The last in a series of blogs from authors and illustrators published by Child’s Play – our featured publisher this month
Jessica Shepherd talks about helping children to understand dementia through picture books and provides worksheets for you to download
I have always been passionately interested in the happiness of people. Over the last few years this has led me to further explore the importance of communication, of heart to heart dialogue, as an essential foundation for happiness.
I started my degree at University College Falmouth, hoping to train to become an Art Therapist. Whilst simultaneously working on my degree and working part time in a care home, it became clear that I should challenge myself to combine these two aspects of my life that I felt very passionate about.
Since childhood I have always had a love of picture books. I know that is not particularly unique. Some people’s love diminished a little or a lot, while mine grew and GREW! Whilst studying it began to feel clear to me that this might be my route into ‘art therapy’. Using art to encourage dialogue, through turning a page together.
Stories and the arts provide a solid foundation for communication and ultimately help us to have a greater understanding of the world. They provide an opportunity for us to see life through another person’s eyes. Sometimes we can relate closely to this person and sometimes it brings us a new perspective and can enable us to develop our empathetic nature towards others.
I believe picture books are at the centre of this for parents and children. They act as a wonderful tool to bridge discussion and they can be beautifully gentle in introducing children to ideas, and parts of life that may be foreign and not easily understood- sometimes even upsetting.
I was fortunate to meet Child’s Play at Bologna Book Fair in 2012, along with Gillian Hibbs (Author/Illustrator of Tilly’s at Home Holiday), and there began the next stage of Grandma’s development. Thankfully they believed in the book in its rough stages and they really helped me develop it into something that I can happily say has exceeded the expectations I had when I first conceived the idea.
Shortly after meeting Child’s Play I began visiting an inspiring lady - Meg, who was living with dementia. She and her lovely family were instrumental in the production of the book as they compassionately shared their own personal struggles, from the point of view of child, parent and grandparent as they navigate their way together on their “dementia journey”. It has become very apparent to me that, while every journey is unique, there are a great deal of mutual struggles faced.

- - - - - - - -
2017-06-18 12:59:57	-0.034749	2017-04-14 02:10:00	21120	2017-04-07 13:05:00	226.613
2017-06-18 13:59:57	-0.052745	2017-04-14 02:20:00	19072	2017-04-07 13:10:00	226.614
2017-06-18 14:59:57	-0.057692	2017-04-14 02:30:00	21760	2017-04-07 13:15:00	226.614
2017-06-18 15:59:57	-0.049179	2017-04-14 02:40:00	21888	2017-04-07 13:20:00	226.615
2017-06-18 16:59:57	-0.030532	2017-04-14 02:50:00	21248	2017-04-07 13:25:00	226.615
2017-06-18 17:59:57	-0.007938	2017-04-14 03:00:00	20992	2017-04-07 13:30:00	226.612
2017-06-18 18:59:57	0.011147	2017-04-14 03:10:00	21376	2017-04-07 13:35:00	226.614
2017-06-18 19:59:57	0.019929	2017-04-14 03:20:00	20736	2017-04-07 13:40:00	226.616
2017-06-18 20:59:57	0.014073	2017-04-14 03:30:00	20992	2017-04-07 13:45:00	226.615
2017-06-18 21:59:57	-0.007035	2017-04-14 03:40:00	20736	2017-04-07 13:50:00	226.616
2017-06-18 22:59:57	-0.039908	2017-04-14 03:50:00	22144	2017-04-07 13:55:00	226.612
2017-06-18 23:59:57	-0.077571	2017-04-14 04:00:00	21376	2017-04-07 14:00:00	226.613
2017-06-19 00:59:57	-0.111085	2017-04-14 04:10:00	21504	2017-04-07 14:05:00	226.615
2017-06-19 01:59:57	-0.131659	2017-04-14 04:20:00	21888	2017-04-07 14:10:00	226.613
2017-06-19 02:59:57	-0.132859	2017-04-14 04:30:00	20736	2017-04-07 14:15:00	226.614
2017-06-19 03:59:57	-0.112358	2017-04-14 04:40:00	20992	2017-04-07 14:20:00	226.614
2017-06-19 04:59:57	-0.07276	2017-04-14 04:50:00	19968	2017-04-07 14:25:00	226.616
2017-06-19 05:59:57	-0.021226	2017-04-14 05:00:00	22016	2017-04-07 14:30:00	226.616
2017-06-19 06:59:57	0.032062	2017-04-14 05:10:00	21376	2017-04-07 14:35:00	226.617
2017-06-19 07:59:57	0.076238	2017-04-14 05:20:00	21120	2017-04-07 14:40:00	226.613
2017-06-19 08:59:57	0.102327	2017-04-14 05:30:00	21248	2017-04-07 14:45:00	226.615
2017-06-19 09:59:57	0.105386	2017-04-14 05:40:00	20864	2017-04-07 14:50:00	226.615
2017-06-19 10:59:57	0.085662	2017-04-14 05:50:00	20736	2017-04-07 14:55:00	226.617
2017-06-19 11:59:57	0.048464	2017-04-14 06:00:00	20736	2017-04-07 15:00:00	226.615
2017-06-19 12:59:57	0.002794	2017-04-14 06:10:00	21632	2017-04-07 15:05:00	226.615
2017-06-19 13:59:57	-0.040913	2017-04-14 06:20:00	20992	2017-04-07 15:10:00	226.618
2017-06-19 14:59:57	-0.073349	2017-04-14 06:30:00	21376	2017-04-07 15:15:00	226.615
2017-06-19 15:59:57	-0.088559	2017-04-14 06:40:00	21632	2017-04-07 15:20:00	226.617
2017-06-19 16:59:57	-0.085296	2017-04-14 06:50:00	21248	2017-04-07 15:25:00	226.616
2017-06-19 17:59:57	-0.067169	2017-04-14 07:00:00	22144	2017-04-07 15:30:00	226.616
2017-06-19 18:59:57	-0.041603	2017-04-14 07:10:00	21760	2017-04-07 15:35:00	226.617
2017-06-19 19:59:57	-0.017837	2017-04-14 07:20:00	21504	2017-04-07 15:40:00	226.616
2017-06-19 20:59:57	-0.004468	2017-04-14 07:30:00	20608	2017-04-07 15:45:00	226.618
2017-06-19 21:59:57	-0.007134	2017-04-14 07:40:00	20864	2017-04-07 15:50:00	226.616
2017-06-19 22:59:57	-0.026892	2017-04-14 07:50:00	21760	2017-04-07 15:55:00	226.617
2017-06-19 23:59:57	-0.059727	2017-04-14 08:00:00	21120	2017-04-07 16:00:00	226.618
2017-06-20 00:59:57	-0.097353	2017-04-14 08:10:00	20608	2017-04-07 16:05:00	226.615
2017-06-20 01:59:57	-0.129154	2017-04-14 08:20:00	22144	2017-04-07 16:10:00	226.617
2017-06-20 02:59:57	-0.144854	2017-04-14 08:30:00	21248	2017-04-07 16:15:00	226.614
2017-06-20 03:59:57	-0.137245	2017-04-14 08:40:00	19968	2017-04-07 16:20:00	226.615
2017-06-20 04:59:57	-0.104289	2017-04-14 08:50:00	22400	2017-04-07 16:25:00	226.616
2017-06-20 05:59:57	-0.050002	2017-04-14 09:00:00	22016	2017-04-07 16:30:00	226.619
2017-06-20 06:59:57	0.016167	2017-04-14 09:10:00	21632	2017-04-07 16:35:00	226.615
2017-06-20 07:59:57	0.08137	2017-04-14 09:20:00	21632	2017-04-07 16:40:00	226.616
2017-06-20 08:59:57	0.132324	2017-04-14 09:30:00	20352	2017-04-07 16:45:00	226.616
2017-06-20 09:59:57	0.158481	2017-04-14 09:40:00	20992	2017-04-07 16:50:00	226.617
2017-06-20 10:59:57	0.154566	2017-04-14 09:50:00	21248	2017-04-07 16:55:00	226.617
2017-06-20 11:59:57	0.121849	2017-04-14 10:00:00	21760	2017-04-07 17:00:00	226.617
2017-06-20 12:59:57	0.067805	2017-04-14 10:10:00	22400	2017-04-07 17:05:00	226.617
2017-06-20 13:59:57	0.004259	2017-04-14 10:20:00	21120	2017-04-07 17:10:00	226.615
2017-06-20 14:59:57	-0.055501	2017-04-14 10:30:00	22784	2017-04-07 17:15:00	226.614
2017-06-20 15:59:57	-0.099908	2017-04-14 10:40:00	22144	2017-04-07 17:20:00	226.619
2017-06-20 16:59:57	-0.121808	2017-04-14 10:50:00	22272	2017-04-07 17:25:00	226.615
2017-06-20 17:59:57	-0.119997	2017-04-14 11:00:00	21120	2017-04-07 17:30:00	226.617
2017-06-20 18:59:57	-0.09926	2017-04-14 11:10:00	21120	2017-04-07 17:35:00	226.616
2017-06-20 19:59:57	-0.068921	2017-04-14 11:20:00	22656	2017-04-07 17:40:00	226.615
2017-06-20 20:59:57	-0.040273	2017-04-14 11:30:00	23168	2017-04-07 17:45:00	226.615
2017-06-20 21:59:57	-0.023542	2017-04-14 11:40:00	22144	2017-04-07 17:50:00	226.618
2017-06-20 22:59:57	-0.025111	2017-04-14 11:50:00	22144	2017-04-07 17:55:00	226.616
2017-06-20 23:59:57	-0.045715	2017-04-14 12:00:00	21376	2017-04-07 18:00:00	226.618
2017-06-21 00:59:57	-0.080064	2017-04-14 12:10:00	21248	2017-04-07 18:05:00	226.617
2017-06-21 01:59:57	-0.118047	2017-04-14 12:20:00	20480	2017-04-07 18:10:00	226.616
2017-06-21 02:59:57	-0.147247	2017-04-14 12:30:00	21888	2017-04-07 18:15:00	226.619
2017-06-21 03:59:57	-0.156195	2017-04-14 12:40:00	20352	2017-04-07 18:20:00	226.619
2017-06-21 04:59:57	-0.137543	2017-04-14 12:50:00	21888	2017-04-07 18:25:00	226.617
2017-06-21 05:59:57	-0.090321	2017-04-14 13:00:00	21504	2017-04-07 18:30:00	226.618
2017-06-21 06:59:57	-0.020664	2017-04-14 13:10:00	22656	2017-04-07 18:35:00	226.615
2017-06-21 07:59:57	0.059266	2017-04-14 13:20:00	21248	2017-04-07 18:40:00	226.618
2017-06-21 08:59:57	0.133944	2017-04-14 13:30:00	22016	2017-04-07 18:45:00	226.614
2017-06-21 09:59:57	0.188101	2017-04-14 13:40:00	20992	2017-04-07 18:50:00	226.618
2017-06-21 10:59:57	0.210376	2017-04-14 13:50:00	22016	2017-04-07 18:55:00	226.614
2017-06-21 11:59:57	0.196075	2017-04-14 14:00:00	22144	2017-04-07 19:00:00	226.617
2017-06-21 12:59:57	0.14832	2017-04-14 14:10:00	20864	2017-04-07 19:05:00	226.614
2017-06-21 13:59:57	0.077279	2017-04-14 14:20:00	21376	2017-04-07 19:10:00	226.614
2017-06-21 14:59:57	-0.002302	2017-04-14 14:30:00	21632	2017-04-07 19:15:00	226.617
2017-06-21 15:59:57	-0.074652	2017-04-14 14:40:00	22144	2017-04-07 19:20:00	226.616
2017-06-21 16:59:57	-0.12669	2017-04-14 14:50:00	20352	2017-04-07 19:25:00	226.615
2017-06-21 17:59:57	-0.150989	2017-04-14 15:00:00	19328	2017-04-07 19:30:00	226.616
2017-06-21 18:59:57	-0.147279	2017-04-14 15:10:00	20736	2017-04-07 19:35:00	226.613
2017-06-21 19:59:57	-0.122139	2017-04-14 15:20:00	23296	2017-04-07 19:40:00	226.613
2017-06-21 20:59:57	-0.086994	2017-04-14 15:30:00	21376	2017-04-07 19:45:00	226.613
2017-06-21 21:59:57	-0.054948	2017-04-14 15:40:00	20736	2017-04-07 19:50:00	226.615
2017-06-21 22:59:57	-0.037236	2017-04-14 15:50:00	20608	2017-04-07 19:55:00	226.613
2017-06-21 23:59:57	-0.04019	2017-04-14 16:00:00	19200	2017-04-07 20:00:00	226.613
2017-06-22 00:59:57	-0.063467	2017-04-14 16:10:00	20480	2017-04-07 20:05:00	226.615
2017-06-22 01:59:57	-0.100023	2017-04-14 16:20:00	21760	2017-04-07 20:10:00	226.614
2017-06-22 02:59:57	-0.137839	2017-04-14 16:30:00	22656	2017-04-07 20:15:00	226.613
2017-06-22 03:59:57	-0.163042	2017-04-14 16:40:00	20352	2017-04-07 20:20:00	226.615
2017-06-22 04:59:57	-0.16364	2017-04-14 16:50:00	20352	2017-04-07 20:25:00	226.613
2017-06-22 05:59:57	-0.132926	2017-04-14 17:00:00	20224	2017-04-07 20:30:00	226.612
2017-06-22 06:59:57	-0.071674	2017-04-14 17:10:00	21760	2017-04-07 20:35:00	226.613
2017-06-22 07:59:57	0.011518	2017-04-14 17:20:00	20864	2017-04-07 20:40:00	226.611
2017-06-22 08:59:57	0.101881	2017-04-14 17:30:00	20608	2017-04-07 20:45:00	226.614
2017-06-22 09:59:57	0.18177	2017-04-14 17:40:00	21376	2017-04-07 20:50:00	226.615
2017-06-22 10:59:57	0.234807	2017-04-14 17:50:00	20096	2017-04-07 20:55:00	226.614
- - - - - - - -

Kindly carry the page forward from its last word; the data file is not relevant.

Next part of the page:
When I started writing Grandma the first thing that felt clear to me was the tone the book should take. It was important to me that it was a simple, real, honest and hopeful representation of the way a relationship can change when someone close to us is living with dementia. This meant, of course, addressing the emotional, and scary aspects of the changing relationship/environment, whilst hopefully providing that important support and encouragement along the way. Ultimately, the aim was to help people feel less alone on a difficult journey that, without communication and sharing, can feel very isolating. It was, therefore, very important that people could directly relate to the characters in the book – as though a friend was telling the story of their dementia journey.
It can be difficult to know how to begin a discussion about dementia, and I can imagine it is particularly tricky for parents who, naturally, want to protect their children. However, strength is not carrying problems alone and pretending everything is just fine, it is in maintaining humanity in the midst of life’s challenges. The best way to show our humanity is to be connected to other human beings, across divides of ability, age and background. We can share and learn from each other and help each other to grow, adapt and continue creating value for ourselves and others, no matter what.
I feel such gratitude towards Childs Play for helping me develop the story and get it into the hands of people who are truly benefiting from it. It has been very encouraging to hear wonderful feedback on how Grandma has helped families living with dementia and also have contact from parents who, fortunately, have not had to explain dementia to their children on a personal level but have found it important them to understand for the sake of others.
I feel so much hope for the future of dementia care. There are many initiatives that are ensuring communities are becoming more and more aware of the implications of dementia and, as a result, those living with dementia are able to continue living lives of great quality, in the environments they have always known and loved.
A recent addition to this fantastic Dementia Awareness movement is The Reading Well – Books on Prescription list, on which I am very proud to say Grandma is featured.
I hope people can continue to work together to help one another understand changing relationships as best possible and support each other as we adapt and embrace the moment just as it is.
Download a PDF of six colouring and drawing worksheets relating to Grandma and dementia awareness